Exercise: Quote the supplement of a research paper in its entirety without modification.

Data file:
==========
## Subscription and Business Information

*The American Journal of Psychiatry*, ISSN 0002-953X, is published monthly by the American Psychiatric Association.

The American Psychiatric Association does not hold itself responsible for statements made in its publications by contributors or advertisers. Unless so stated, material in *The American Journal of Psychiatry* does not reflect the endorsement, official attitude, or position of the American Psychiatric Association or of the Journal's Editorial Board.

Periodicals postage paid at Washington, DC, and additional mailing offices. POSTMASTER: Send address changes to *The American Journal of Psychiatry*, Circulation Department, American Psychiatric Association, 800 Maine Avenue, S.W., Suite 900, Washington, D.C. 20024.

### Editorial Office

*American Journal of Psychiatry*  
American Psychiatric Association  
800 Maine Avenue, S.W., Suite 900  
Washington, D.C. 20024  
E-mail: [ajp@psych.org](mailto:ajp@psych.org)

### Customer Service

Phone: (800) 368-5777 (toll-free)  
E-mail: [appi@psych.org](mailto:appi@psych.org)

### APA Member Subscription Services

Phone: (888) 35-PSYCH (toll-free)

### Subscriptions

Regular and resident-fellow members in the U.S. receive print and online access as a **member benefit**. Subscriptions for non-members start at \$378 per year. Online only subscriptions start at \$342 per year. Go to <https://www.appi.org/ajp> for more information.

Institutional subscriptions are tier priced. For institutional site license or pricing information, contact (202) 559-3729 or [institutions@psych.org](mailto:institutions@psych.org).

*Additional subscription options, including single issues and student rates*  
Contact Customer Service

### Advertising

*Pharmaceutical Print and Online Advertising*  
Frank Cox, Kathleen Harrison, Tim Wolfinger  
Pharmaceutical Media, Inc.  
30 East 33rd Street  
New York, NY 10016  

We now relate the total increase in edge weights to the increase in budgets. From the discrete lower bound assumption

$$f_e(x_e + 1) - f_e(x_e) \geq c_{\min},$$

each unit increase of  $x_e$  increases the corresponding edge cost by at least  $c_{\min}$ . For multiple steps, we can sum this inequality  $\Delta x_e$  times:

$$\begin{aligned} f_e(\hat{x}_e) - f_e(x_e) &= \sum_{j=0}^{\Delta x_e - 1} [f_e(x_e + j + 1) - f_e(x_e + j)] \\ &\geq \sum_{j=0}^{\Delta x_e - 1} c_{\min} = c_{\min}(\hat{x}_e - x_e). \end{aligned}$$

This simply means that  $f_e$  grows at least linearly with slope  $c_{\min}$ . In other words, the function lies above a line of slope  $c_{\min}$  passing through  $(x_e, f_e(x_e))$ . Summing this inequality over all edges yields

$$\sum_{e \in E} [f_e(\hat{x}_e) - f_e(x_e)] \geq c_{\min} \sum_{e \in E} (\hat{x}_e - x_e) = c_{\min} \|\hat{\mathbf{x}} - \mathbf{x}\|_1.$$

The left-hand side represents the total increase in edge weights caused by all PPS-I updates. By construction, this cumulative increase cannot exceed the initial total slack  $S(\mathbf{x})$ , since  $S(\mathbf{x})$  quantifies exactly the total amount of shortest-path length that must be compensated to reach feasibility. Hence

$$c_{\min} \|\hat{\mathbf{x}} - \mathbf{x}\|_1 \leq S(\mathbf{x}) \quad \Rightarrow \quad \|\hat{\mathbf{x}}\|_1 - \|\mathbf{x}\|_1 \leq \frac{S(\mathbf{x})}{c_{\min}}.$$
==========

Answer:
## Subscription and Business Information

*The American Journal of Psychiatry*, ISSN 0002-953X, is published monthly by the American Psychiatric Association.

The American Psychiatric Association does not hold itself responsible for statements made in its publications by contributors or advertisers. Unless so stated, material in *The American Journal of Psychiatry* does not reflect the endorsement, official attitude, or position of the American Psychiatric Association or of the Journal's Editorial Board.

Periodicals postage paid at Washington, DC, and additional mailing offices. POSTMASTER: Send address changes to *The American Journal of Psychiatry*, Circulation Department, American Psychiatric Association, 800 Maine Avenue, S.W., Suite 900, Washington, D.C. 20024.

### Editorial Office

*American Journal of Psychiatry*  
American Psychiatric Association  
800 Maine Avenue, S.W., Suite 900  
Washington, D.C. 20024  
E-mail: [ajp@psych.org](mailto:ajp@psych.org)

### Customer Service

Phone: (800) 368-5777 (toll-free)  
E-mail: [appi@psych.org](mailto:appi@psych.org)

### APA Member Subscription Services

Phone: (888) 35-PSYCH (toll-free)

### Subscriptions

Regular and resident-fellow members in the U.S. receive print and online access as a **member benefit**. Subscriptions for non-members start at \$378 per year. Online only subscriptions start at \$342 per year. Go to <https://www.appi.org/ajp> for more information.

Institutional subscriptions are tier priced. For institutional site license or pricing information, contact (202) 559-3729 or [institutions@psych.org](mailto:institutions@psych.org).

*Additional subscription options, including single issues and student rates*  
Contact Customer Service

### Advertising

*Pharmaceutical Print and Online Advertising*  
Frank Cox, Kathleen Harrison, Tim Wolfinger  
Pharmaceutical Media, Inc.  
30 East 33rd Street  
New York, NY 10016  

We now relate the total increase in edge weights to the increase in budgets. From the discrete lower bound assumption

$$f_e(x_e + 1) - f_e(x_e) \geq c_{\min},$$

each unit increase of  $x_e$  increases the corresponding edge cost by at least  $c_{\min}$ . For multiple steps, we can sum this inequality  $\Delta x_e$  times:

$$\begin{aligned} f_e(\hat{x}_e) - f_e(x_e) &= \sum_{j=0}^{\Delta x_e - 1} [f_e(x_e + j + 1) - f_e(x_e + j)] \\ &\geq \sum_{j=0}^{\Delta x_e - 1} c_{\min} = c_{\min}(\hat{x}_e - x_e). \end{aligned}$$

This simply means that  $f_e$  grows at least linearly with slope  $c_{\min}$ . In other words, the function lies above a line of slope  $c_{\min}$  passing through  $(x_e, f_e(x_e))$ . Summing this inequality over all edges yields

$$\sum_{e \in E} [f_e(\hat{x}_e) - f_e(x_e)] \geq c_{\min} \sum_{e \in E} (\hat{x}_e - x_e) = c_{\min} \|\hat{\mathbf{x}} - \mathbf{x}\|_1.$$

The left-hand side represents the total increase in edge weights caused by all PPS-I updates. By construction, this cumulative increase cannot exceed the initial total slack  $S(\mathbf{x})$ , since  $S(\mathbf{x})$  quantifies exactly the total amount of shortest-path length that must be compensated to reach feasibility. Hence

$$c_{\min} \|\hat{\mathbf{x}} - \mathbf{x}\|_1 \leq S(\mathbf{x}) \quad \Rightarrow \quad \|\hat{\mathbf{x}}\|_1 - \|\mathbf{x}\|_1 \leq \frac{S(\mathbf{x})}{c_{\min}}.$$